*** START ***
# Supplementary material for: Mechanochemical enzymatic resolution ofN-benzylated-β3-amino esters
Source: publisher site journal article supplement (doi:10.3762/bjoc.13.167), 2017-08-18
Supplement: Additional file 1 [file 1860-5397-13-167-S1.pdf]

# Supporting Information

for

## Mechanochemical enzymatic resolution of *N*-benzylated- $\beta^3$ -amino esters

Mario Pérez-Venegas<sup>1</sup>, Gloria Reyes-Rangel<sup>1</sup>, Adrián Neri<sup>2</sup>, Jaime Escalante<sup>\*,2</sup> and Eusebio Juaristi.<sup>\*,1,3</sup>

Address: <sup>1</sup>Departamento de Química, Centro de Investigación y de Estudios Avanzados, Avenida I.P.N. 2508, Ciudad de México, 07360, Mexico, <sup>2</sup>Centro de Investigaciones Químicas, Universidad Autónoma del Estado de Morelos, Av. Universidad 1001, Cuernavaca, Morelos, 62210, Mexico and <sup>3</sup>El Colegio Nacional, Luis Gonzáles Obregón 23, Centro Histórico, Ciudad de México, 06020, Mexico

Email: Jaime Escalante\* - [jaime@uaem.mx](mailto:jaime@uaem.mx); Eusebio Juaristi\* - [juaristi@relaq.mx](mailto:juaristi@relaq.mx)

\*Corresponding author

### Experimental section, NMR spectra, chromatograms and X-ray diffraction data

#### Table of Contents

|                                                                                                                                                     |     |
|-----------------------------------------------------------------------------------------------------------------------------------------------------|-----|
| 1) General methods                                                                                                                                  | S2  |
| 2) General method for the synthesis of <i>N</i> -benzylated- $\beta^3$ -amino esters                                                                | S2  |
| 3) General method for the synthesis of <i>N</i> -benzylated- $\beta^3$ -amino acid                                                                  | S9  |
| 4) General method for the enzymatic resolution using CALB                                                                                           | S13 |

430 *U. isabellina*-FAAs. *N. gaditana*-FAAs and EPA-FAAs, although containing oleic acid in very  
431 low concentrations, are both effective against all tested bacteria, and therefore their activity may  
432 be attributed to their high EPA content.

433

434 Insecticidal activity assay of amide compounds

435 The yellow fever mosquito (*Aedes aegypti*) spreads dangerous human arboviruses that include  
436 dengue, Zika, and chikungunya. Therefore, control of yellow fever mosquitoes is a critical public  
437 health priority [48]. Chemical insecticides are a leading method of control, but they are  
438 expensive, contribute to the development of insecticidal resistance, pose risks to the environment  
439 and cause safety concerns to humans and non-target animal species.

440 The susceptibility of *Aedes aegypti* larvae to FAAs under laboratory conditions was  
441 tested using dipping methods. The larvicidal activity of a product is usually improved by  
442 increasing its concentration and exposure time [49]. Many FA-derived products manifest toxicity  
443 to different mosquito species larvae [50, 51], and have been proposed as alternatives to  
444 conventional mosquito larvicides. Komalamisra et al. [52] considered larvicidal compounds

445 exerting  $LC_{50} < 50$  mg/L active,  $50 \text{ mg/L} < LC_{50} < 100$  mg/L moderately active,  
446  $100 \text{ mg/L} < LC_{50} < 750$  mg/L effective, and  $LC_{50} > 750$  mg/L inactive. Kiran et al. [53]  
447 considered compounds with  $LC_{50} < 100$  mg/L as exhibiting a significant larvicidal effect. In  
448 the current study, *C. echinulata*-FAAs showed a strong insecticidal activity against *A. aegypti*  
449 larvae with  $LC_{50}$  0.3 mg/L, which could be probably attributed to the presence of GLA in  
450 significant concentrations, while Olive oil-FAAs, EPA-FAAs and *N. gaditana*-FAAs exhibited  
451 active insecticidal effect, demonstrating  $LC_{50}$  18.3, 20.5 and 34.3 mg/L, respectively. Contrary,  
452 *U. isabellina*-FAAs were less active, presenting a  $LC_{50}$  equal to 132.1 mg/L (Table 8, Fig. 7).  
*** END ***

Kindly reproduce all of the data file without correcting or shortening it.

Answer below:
# Supplementary material for: Mechanochemical enzymatic resolution ofN-benzylated-β3-amino esters
Source: publisher site journal article supplement (doi:10.3762/bjoc.13.167), 2017-08-18
Supplement: Additional file 1 [file 1860-5397-13-167-S1.pdf]

# Supporting Information

for

## Mechanochemical enzymatic resolution of *N*-benzylated- $\beta^3$ -amino esters

Mario Pérez-Venegas<sup>1</sup>, Gloria Reyes-Rangel<sup>1</sup>, Adrián Neri<sup>2</sup>, Jaime Escalante<sup>\*,2</sup> and Eusebio Juaristi.<sup>\*,1,3</sup>

Address: <sup>1</sup>Departamento de Química, Centro de Investigación y de Estudios Avanzados, Avenida I.P.N. 2508, Ciudad de México, 07360, Mexico, <sup>2</sup>Centro de Investigaciones Químicas, Universidad Autónoma del Estado de Morelos, Av. Universidad 1001, Cuernavaca, Morelos, 62210, Mexico and <sup>3</sup>El Colegio Nacional, Luis Gonzáles Obregón 23, Centro Histórico, Ciudad de México, 06020, Mexico

Email: Jaime Escalante\* - [jaime@uaem.mx](mailto:jaime@uaem.mx); Eusebio Juaristi\* - [juaristi@relaq.mx](mailto:juaristi@relaq.mx)

\*Corresponding author

### Experimental section, NMR spectra, chromatograms and X-ray diffraction data

#### Table of Contents

|                                                                                                                                                     |     |
|-----------------------------------------------------------------------------------------------------------------------------------------------------|-----|
| 1) General methods                                                                                                                                  | S2  |
| 2) General method for the synthesis of <i>N</i> -benzylated- $\beta^3$ -amino esters                                                                | S2  |
| 3) General method for the synthesis of <i>N</i> -benzylated- $\beta^3$ -amino acid                                                                  | S9  |
| 4) General method for the enzymatic resolution using CALB                                                                                           | S13 |

430 *U. isabellina*-FAAs. *N. gaditana*-FAAs and EPA-FAAs, although containing oleic acid in very  
431 low concentrations, are both effective against all tested bacteria, and therefore their activity may  
432 be attributed to their high EPA content.

433

434 Insecticidal activity assay of amide compounds

435 The yellow fever mosquito (*Aedes aegypti*) spreads dangerous human arboviruses that include  
436 dengue, Zika, and chikungunya. Therefore, control of yellow fever mosquitoes is a critical public  
437 health priority [48]. Chemical insecticides are a leading method of control, but they are  
438 expensive, contribute to the development of insecticidal resistance, pose risks to the environment  
439 and cause safety concerns to humans and non-target animal species.

440 The susceptibility of *Aedes aegypti* larvae to FAAs under laboratory conditions was  
441 tested using dipping methods. The larvicidal activity of a product is usually improved by  
442 increasing its concentration and exposure time [49]. Many FA-derived products manifest toxicity  
443 to different mosquito species larvae [50, 51], and have been proposed as alternatives to  
444 conventional mosquito larvicides. Komalamisra et al. [52] considered larvicidal compounds

445 exerting  $LC_{50} < 50$  mg/L active,  $50 \text{ mg/L} < LC_{50} < 100$  mg/L moderately active,  
446  $100 \text{ mg/L} < LC_{50} < 750$  mg/L effective, and  $LC_{50} > 750$  mg/L inactive. Kiran et al. [53]  
447 considered compounds with  $LC_{50} < 100$  mg/L as exhibiting a significant larvicidal effect. In  
448 the current study, *C. echinulata*-FAAs showed a strong insecticidal activity against *A. aegypti*  
449 larvae with  $LC_{50}$  0.3 mg/L, which could be probably attributed to the presence of GLA in  
450 significant concentrations, while Olive oil-FAAs, EPA-FAAs and *N. gaditana*-FAAs exhibited  
451 active insecticidal effect, demonstrating  $LC_{50}$  18.3, 20.5 and 34.3 mg/L, respectively. Contrary,  
452 *U. isabellina*-FAAs were less active, presenting a  $LC_{50}$  equal to 132.1 mg/L (Table 8, Fig. 7).  